FHA Mortgage Insurance Requirements

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Securing a mortgage is a pivotal step towards homeownership, and for many, the Federal Housing Administration (FHA) loan stands as a valuable pathway. Aside from the benefits, it’s important to understand the role of FHA mortgage insurance within the lending process.

Let’s explore more about FHA mortgage insurance, including the types, costs, requirements and potential ways to remove it, so you can easily navigate your homebuying journey with an FHA loan.

What is FHA mortgage insurance?

FHA mortgage insurance serves as a safety net for lenders in the event that borrowers default on their FHA-backed mortgages.

Unlike conventional loans, where private mortgage insurance (PMI) is commonly required with a down payment below 20%, FHA mortgage insurance is mandatory for all FHA loans regardless of the size of the down payment.

How much is FHA mortgage insurance?

Your FHA mortgage insurance expense consists of two main components: the Upfront Mortgage Insurance Premium (UFMIP) and the Annual Mortgage Insurance Premium (MIP).

1. Upfront Mortage Insurance Premium (UFMIP)

The UFMIP is a one-time fee, typically 1.75% of the loan amount, that can be rolled into the loan and paid at the time of closing. This upfront premium serves to fund the FHA program and safeguards lenders against potential losses.

2. Annual Mortgage Insurance Premium (MIP)

The Annual Mortgage Insurance Premium (MIP) is an ongoing cost paid annually by borrowers. Calculated based on the loan-to-value (LTV) ratio, loan term, and loan amount, it is divided by 12 and included in monthly loan payments.

Unlike private mortgage insurance (PMI) on conventional loans, FHA MIP remains for the life of the loan in most cases.

How long is FHA mortgage insurance required?

Prior to 2013, MIP for FHA loans was cancelable once borrowers reached 22% equity in their homes. However, the rules changed, and now the duration of MIP payments depends on the size of the down payment.

  • For down payments of at least 10%, the annual MIP is required for the first 11 years.
  • For smaller down payments, the annual MIP is required for the entire life of the loan.

FHA MIP Rates for 2024

The annual MIP amount for FHA loans is determined by factors such as the loan-to-value (LTV) ratio, loan term, and loan amount. Generally, a higher LTV or loan amount will result in a higher annual MIP. Rates will also vary depending on the loan term.

FHA Mortgage Insurance Premium Charts

See the charts below to estimate your annual MIP expense based on your specific loan term, base loan amount, and LTV ratio.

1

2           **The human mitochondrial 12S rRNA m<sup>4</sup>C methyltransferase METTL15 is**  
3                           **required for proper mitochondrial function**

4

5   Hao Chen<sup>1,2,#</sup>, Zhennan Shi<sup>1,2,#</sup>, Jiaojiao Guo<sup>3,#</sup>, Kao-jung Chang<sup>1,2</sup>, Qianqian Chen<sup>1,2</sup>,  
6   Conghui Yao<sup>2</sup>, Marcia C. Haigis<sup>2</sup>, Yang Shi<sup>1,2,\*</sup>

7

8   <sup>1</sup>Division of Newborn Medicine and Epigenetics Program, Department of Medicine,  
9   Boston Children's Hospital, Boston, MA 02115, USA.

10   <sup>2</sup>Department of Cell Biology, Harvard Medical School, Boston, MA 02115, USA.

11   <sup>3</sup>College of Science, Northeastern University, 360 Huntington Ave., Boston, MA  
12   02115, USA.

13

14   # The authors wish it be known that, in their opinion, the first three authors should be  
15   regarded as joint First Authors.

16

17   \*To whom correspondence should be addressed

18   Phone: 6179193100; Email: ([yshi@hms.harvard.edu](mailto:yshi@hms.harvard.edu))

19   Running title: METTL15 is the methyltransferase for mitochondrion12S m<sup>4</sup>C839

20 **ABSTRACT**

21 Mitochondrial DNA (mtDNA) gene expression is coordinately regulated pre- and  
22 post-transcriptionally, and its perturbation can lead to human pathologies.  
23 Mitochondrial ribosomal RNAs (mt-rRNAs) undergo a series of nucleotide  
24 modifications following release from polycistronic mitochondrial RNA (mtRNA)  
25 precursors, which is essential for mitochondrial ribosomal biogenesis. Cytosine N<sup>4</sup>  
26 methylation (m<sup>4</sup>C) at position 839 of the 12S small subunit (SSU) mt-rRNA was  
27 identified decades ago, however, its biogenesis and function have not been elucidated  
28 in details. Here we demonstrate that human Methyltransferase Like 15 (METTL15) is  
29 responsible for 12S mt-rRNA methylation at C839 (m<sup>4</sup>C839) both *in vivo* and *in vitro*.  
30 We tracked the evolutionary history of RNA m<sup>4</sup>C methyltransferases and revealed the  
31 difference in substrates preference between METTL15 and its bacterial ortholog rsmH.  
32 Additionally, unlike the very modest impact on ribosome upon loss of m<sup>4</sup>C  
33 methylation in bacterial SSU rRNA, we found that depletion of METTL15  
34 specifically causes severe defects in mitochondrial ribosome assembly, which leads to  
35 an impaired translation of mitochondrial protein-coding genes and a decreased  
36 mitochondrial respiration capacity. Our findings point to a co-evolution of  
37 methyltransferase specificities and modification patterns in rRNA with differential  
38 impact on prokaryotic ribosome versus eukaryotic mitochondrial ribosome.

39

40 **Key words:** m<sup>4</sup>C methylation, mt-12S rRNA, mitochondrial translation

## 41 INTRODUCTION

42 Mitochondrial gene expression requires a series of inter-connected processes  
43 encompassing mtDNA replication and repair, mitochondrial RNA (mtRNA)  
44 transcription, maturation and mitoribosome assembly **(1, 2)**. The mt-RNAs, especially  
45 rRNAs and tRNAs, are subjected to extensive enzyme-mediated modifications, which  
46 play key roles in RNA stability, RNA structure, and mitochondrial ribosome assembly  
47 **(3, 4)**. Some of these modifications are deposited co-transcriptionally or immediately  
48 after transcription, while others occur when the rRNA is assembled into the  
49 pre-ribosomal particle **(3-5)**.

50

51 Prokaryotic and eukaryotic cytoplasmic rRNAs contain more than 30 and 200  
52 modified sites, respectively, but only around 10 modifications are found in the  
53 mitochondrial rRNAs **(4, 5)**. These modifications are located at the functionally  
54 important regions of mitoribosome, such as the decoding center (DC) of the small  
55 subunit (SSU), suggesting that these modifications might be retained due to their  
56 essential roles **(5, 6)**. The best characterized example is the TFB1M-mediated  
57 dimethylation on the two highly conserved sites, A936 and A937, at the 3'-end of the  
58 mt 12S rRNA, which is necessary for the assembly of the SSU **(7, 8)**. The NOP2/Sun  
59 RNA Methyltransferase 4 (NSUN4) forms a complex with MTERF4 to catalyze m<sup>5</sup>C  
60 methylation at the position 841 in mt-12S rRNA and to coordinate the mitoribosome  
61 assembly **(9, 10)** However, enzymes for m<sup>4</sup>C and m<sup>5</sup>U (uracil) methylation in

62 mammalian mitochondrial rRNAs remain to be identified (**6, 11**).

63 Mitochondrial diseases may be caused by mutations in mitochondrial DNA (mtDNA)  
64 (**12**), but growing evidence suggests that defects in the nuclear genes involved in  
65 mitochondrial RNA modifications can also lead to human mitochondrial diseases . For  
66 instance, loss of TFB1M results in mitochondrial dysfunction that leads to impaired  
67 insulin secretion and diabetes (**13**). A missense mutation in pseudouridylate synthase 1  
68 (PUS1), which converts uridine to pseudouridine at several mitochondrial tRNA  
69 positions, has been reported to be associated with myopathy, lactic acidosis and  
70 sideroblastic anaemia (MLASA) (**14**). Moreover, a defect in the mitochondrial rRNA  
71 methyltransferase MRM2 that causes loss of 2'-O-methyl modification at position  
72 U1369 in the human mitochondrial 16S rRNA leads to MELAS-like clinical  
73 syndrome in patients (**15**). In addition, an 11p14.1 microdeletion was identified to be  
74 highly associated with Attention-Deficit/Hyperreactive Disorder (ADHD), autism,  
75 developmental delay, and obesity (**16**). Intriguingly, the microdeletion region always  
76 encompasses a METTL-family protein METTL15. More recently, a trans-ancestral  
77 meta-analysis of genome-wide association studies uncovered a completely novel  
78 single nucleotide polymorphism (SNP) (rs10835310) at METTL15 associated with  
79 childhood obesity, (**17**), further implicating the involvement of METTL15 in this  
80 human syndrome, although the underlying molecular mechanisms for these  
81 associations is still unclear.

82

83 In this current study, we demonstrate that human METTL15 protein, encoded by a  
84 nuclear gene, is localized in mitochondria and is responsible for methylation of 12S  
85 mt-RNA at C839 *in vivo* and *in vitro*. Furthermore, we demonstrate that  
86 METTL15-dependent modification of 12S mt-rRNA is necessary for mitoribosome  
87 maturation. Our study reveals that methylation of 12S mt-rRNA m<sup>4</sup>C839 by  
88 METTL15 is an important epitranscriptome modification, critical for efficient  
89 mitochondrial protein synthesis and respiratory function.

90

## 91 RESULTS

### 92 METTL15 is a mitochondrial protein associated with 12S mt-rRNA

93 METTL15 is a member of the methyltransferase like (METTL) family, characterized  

FHA Loan Terms Up to 15 Years
Loan AmountLoan-to-Value RatioAnnual MIP %
≤ $726,200LTV ≤ 90%0.15%
LTV > 90%0.40%
> $726,200LTV ≤ 78%0.15%
78% < LTV ≤ 90%0.40%
LTV > 90%0.65%
FHA Loan Terms Over 15 Years
Loan AmountLoan-to-Value RatioAnnual MIP %
≤ $726,200LTV ≤ 90%0.50%
90% < LTV ≤ 95%0.55%
LTV > 95%0.55%
> $726,200LTV ≤ 90%0.70%
90% < LTV ≤ 95%0.70%
LTV > 95%0.75%

How to Calculate Your FHA Mortgage Insurance Premium

Let’s look at an example of how to calculate an FHA mortgage insurance premium. For this scenario, consider a loan amount of $250,000 with a 30-year term and an LTV ratio between 90% and 95%.

Calculate Upfront Mortgage Insurance Premium

The cost of UFMIP is equal to 1.75% of the base loan amount.

UFMIP = Loan amount * 1.75%

UFMIP = $250,000 x 0.0175

= $4,375*

*This amount is paid upfront at closing.

Calculate Annual Mortgage Insurance Premium

For a 30-year loan of less than $726,200 with an LTV ratio between 90% and 95%, the MIP expense is equal to 0.55% of the base loan amount.

Annual MIP = Loan amount x 0.55%

Annual MIP = $250,000 x 0.0055 = $1,375

Monthly MIP = Annual MIP / 12

Monthly MIP = $1,375 / 12 = $114.58*

*This amount is included in the monthly loan payment.

FHA Mortgage Insurance Removal

For loans originated between January 2001 and June 3, 2013, MIP is automatically canceled once you reach 22% home equity. If your loan originated after June 3, 2013, and the 10% down payment requirement isn’t met, MIP payments continue for the life of the loan.

However, refinancing to a conventional mortgage may allow some borrowers to remove these continuous MIP payments. To do so, borrowers must meet lender requirements, which generally include a 620+ credit score and at least 5%-25% equity in the home.

Dan Rafter

Dan Rafter has covered real estate, mortgage and personal-finance news for more than 15 years, writing for the Chicago Tribune, Washington Post, Consumers Digest and many others. A graduate of the University Illinois with a degree in journalism, he is editor of Midwest Real Estate News magazine and blogs on commercial real estate for that publication at rejblog.com, in addition to being a contributor for Refi.com.

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